New Zealand Cricket is allaying fears over a lack of top opposition and financial losses under new proposals for a shake-up in the governance structure of world cricket.
There were fears nations other than the big three of India, England and Australia would suffer financial losses with a move away from the Future Tours programme seeing nations entering into bilateral arrangements.
The ICC met for six hours in Dubai overnight, where voting on the proposals was deferred.
New Zealand's representative on the board Martin Snedden has told the Crowd Goes Wild Breakfast reports of financial losses are inaccurate.
"Over the last eight years we have received about $2 million US from the ICC events programme, the deal that we're heading towards making now is going to see those revenues go up to maybe $70-100 million depending on the value of the rights sold.''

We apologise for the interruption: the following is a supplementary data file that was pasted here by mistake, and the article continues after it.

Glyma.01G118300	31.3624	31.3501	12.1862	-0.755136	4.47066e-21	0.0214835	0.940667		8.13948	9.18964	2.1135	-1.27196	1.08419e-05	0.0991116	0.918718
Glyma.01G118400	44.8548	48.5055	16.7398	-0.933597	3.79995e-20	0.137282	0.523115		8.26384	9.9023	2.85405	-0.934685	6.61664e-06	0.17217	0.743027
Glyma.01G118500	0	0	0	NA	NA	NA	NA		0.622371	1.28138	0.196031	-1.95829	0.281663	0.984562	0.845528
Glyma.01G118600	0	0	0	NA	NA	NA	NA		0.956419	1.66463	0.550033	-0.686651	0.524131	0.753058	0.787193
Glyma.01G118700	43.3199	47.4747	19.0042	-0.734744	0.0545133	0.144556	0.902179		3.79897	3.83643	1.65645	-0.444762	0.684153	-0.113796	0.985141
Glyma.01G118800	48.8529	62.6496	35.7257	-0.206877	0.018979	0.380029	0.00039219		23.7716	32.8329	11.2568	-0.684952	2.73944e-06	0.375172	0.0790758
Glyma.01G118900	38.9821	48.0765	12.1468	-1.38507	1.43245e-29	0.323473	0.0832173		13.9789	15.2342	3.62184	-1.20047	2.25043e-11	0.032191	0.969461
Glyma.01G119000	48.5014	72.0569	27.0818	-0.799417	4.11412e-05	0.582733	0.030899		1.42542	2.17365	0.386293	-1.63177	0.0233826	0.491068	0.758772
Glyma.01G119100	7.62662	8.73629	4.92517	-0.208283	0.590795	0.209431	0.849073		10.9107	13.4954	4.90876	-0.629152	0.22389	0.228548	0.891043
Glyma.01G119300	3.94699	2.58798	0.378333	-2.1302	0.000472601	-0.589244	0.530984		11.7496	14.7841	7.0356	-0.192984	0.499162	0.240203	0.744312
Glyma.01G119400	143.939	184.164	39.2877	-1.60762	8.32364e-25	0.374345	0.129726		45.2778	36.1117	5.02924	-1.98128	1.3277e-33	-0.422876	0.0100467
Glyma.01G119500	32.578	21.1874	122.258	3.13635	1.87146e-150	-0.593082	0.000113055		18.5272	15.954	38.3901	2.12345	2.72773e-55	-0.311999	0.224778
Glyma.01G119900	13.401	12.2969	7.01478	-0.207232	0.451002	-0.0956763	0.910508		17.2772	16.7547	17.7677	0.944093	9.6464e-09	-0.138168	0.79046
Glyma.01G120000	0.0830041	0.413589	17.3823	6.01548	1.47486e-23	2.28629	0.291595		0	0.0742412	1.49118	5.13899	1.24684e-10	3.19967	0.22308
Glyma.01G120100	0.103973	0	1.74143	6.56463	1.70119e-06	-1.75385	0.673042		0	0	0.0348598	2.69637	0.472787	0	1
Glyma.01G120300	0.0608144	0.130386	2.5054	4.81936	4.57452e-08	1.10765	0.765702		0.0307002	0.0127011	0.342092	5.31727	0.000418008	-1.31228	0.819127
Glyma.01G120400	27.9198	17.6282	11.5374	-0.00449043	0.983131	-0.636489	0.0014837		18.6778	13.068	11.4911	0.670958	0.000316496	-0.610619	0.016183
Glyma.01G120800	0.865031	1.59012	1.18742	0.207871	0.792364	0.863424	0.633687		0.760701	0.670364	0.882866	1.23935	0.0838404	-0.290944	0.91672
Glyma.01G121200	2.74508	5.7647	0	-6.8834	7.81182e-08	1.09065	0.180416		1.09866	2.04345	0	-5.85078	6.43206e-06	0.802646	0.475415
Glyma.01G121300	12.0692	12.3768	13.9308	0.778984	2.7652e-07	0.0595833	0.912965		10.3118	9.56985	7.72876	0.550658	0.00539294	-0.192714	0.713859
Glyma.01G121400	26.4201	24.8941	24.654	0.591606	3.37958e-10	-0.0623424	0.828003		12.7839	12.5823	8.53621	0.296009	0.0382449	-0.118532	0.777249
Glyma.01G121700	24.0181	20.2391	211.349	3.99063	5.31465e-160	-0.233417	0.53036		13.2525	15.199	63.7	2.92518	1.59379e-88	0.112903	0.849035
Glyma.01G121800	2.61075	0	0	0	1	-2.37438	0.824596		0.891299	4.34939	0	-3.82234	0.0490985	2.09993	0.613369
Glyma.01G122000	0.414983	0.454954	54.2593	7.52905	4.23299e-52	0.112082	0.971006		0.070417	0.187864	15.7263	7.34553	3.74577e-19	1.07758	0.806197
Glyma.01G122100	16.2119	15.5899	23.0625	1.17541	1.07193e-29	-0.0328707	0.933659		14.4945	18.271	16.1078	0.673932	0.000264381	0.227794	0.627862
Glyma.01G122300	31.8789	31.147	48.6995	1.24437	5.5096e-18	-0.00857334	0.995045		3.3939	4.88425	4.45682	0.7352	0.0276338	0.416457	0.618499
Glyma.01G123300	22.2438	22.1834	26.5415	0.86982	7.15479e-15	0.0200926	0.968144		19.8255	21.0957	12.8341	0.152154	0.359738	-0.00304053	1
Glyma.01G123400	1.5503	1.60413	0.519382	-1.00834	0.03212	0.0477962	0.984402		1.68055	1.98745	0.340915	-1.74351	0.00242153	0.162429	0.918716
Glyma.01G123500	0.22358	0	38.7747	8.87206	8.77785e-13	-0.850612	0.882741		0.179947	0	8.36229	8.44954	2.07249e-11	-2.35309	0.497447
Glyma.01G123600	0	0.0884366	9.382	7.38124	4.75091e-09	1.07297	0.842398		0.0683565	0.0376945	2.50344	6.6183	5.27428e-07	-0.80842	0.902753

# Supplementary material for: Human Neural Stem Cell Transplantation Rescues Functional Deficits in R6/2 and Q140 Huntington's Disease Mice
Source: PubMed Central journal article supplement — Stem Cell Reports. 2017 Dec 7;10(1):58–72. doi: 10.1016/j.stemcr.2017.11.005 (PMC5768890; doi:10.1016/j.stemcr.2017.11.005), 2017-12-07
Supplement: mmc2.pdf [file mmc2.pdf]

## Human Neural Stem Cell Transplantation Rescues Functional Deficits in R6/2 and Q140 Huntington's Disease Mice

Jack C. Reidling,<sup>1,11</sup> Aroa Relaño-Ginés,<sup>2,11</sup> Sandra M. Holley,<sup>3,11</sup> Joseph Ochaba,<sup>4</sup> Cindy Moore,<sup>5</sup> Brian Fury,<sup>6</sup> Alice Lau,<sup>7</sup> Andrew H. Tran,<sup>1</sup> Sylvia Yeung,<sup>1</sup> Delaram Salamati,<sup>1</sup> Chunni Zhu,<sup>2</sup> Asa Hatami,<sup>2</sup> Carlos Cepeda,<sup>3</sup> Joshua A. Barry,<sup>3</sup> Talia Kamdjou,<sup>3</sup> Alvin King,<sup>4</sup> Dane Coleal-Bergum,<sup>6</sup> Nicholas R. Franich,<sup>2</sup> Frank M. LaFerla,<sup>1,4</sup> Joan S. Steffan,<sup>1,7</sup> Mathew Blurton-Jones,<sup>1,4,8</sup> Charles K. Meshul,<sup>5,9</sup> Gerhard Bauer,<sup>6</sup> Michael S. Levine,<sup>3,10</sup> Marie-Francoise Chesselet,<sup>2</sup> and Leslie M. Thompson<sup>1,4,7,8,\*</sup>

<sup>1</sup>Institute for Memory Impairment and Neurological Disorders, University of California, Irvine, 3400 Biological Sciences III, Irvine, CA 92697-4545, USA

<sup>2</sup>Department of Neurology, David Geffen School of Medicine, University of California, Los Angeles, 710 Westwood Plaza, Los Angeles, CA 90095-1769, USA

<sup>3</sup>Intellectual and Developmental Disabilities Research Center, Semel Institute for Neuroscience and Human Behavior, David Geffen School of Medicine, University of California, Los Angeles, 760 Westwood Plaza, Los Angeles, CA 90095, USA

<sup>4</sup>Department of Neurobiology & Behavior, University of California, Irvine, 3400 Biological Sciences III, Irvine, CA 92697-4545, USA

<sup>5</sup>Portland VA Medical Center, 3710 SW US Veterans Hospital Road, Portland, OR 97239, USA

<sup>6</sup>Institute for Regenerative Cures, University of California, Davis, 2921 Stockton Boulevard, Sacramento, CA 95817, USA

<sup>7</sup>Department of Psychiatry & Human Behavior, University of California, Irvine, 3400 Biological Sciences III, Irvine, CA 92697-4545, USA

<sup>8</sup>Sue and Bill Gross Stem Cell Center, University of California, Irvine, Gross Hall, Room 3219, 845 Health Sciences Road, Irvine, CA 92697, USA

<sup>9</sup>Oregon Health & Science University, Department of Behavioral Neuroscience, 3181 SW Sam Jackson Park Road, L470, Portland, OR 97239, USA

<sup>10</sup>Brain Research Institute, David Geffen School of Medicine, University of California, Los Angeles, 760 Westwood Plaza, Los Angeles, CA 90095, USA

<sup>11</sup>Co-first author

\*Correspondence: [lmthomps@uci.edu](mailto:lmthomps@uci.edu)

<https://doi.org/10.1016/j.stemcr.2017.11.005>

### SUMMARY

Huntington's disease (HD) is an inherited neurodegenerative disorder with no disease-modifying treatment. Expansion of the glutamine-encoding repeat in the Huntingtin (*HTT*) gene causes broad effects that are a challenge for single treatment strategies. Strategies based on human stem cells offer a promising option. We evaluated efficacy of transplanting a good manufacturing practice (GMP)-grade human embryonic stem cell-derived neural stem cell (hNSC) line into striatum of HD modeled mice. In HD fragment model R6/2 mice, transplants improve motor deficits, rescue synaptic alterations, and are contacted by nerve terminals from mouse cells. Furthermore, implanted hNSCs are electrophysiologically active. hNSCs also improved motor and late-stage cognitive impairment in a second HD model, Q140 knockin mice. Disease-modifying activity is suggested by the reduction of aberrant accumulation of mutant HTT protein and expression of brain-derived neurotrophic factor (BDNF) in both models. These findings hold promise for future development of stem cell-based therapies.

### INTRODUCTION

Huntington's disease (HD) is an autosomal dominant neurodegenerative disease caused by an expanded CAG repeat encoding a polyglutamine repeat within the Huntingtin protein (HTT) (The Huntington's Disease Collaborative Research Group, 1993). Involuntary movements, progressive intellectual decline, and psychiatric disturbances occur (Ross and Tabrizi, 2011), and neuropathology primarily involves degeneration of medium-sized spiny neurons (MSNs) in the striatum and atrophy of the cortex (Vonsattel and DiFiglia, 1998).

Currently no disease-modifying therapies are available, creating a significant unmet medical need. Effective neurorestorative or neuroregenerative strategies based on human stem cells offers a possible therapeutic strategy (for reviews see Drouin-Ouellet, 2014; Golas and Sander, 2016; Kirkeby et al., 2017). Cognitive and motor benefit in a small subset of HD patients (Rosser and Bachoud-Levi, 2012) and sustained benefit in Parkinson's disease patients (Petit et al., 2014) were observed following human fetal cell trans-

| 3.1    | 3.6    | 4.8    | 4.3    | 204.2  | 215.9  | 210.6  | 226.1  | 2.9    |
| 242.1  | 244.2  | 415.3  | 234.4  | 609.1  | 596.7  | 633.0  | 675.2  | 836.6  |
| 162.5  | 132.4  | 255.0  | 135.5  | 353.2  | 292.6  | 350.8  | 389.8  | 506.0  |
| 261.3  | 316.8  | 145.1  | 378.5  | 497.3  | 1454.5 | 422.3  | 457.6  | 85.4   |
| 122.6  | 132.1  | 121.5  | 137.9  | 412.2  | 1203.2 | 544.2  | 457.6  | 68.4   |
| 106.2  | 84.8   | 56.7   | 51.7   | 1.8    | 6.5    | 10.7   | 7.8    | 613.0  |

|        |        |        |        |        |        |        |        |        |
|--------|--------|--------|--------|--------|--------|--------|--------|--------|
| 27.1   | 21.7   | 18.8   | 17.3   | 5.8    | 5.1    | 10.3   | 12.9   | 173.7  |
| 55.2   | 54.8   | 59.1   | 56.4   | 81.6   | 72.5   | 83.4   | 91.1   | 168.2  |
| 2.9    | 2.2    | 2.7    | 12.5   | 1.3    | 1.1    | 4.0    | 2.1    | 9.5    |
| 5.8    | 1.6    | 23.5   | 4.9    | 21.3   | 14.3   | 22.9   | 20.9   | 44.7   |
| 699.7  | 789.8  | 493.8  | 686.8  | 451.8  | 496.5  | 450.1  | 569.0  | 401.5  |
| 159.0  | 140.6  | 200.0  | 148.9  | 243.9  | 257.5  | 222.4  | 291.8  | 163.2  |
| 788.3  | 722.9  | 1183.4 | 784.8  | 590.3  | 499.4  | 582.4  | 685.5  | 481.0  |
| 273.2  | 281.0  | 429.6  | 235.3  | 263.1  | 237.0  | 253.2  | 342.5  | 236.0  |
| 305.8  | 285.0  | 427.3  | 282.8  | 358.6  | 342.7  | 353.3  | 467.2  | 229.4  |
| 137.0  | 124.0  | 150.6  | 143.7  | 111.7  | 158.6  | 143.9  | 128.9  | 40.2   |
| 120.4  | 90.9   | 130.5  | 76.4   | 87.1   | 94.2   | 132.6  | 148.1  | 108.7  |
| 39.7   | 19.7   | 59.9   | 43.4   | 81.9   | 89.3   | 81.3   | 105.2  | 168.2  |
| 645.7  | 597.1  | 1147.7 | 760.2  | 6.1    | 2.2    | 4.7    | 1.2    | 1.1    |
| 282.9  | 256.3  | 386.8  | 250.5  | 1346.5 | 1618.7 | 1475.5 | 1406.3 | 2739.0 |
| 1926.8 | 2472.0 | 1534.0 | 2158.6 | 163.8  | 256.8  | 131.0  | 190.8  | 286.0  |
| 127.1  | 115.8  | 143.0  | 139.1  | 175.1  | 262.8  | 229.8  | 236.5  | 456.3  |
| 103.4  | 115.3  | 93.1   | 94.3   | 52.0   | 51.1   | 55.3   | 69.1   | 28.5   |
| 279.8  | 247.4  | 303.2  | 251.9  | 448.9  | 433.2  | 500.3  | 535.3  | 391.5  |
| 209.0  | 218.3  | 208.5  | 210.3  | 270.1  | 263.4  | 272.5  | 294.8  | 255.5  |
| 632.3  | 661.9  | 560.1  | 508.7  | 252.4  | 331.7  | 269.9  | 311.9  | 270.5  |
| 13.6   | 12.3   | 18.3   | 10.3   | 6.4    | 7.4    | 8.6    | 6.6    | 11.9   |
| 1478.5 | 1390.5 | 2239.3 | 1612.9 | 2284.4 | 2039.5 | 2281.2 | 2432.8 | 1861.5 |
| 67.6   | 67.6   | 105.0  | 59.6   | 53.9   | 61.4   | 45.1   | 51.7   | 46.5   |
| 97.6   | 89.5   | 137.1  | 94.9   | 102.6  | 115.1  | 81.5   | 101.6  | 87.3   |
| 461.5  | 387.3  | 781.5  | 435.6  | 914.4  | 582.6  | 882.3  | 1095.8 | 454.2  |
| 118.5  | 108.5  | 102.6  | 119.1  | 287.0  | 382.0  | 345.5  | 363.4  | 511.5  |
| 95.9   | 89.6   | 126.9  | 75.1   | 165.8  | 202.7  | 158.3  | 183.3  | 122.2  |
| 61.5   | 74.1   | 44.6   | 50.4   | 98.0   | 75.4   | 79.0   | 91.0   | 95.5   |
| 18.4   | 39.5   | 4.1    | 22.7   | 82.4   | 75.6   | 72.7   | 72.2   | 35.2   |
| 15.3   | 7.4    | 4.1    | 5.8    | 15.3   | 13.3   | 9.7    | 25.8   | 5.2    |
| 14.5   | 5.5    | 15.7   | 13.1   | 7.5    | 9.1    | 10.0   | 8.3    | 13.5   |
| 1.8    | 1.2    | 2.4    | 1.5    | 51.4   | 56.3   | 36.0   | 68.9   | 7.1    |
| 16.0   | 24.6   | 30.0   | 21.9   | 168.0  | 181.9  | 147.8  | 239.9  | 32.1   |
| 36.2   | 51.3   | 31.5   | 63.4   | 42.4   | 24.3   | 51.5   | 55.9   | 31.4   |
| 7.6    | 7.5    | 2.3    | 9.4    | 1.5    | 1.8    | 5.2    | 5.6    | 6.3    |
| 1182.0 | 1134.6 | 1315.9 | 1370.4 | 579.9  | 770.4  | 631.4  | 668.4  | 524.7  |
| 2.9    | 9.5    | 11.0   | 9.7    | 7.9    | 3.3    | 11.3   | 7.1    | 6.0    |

Concerns had also been raised over the implications for the smaller nations over the axing of the Future Tour Programme.
However Snedden says they aren't as significant as reports suggest.
"We're gonna end up here with a playing programme, an international cricket playing programme that looks pretty similar, and in many cases is exactly the same as what's previously been agreed.''
The board has agreed to replace the World Test Championship with the Champions Trophy, and establish the Executive Committee with five nations, including England, India and Australia.
The proposals will be put in front of the Board again next month.